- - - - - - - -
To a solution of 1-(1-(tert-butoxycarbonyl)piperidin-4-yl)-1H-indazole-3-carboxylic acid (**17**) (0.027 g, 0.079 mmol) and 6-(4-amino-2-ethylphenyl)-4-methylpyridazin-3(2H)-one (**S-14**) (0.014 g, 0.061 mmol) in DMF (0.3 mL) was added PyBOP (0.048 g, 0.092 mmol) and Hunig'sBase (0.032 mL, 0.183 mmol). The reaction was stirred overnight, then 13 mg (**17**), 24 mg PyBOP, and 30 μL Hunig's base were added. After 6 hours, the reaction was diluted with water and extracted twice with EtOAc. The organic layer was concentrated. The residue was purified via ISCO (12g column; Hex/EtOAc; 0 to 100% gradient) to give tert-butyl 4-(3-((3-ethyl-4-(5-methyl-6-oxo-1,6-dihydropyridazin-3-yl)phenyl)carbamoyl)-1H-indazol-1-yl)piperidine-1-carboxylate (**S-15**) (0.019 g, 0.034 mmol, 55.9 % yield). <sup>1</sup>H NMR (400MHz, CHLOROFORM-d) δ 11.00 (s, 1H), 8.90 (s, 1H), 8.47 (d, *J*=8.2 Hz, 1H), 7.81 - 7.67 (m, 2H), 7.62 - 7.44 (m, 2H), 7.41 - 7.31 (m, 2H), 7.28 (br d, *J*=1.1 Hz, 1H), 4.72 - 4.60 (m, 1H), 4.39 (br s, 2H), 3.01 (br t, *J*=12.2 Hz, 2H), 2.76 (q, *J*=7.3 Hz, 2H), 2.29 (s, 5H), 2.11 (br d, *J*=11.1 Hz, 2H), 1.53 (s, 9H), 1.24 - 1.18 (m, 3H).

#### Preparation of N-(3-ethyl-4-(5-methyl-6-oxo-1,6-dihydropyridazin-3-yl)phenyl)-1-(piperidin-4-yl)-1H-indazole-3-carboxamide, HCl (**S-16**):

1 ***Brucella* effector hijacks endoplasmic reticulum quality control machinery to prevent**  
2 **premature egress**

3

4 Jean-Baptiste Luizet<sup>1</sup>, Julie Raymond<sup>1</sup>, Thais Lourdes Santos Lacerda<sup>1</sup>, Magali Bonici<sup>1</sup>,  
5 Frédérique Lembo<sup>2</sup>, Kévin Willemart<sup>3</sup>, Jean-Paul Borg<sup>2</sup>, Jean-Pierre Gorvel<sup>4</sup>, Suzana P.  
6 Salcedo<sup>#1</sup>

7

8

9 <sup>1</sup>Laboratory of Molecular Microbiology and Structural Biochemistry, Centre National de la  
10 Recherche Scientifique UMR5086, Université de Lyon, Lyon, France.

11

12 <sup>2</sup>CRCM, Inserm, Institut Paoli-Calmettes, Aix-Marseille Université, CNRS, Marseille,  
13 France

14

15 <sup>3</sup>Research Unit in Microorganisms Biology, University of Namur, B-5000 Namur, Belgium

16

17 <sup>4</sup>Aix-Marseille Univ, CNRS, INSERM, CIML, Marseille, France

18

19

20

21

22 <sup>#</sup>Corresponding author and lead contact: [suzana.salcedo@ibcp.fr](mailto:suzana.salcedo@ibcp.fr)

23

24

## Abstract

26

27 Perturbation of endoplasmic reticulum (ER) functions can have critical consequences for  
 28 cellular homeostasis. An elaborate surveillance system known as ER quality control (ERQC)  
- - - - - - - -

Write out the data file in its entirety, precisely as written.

To a solution of 1-(1-(tert-butoxycarbonyl)piperidin-4-yl)-1H-indazole-3-carboxylic acid (**17**) (0.027 g, 0.079 mmol) and 6-(4-amino-2-ethylphenyl)-4-methylpyridazin-3(2H)-one (**S-14**) (0.014 g, 0.061 mmol) in DMF (0.3 mL) was added PyBOP (0.048 g, 0.092 mmol) and Hunig'sBase (0.032 mL, 0.183 mmol). The reaction was stirred overnight, then 13 mg (**17**), 24 mg PyBOP, and 30 μL Hunig's base were added. After 6 hours, the reaction was diluted with water and extracted twice with EtOAc. The organic layer was concentrated. The residue was purified via ISCO (12g column; Hex/EtOAc; 0 to 100% gradient) to give tert-butyl 4-(3-((3-ethyl-4-(5-methyl-6-oxo-1,6-dihydropyridazin-3-yl)phenyl)carbamoyl)-1H-indazol-1-yl)piperidine-1-carboxylate (**S-15**) (0.019 g, 0.034 mmol, 55.9 % yield). <sup>1</sup>H NMR (400MHz, CHLOROFORM-d) δ 11.00 (s, 1H), 8.90 (s, 1H), 8.47 (d, *J*=8.2 Hz, 1H), 7.81 - 7.67 (m, 2H), 7.62 - 7.44 (m, 2H), 7.41 - 7.31 (m, 2H), 7.28 (br d, *J*=1.1 Hz, 1H), 4.72 - 4.60 (m, 1H), 4.39 (br s, 2H), 3.01 (br t, *J*=12.2 Hz, 2H), 2.76 (q, *J*=7.3 Hz, 2H), 2.29 (s, 5H), 2.11 (br d, *J*=11.1 Hz, 2H), 1.53 (s, 9H), 1.24 - 1.18 (m, 3H).

#### Preparation of N-(3-ethyl-4-(5-methyl-6-oxo-1,6-dihydropyridazin-3-yl)phenyl)-1-(piperidin-4-yl)-1H-indazole-3-carboxamide, HCl (**S-16**):

1 ***Brucella* effector hijacks endoplasmic reticulum quality control machinery to prevent**  
2 **premature egress**

3

4 Jean-Baptiste Luizet<sup>1</sup>, Julie Raymond<sup>1</sup>, Thais Lourdes Santos Lacerda<sup>1</sup>, Magali Bonici<sup>1</sup>,  
5 Frédérique Lembo<sup>2</sup>, Kévin Willemart<sup>3</sup>, Jean-Paul Borg<sup>2</sup>, Jean-Pierre Gorvel<sup>4</sup>, Suzana P.  
6 Salcedo<sup>#1</sup>

7

8

9 <sup>1</sup>Laboratory of Molecular Microbiology and Structural Biochemistry, Centre National de la  
10 Recherche Scientifique UMR5086, Université de Lyon, Lyon, France.

11

12 <sup>2</sup>CRCM, Inserm, Institut Paoli-Calmettes, Aix-Marseille Université, CNRS, Marseille,  
13 France

14

15 <sup>3</sup>Research Unit in Microorganisms Biology, University of Namur, B-5000 Namur, Belgium

16

17 <sup>4</sup>Aix-Marseille Univ, CNRS, INSERM, CIML, Marseille, France

18

19

20

21

22 <sup>#</sup>Corresponding author and lead contact: [suzana.salcedo@ibcp.fr](mailto:suzana.salcedo@ibcp.fr)

23

24

## Abstract

26

27 Perturbation of endoplasmic reticulum (ER) functions can have critical consequences for  
 28 cellular homeostasis. An elaborate surveillance system known as ER quality control (ERQC)  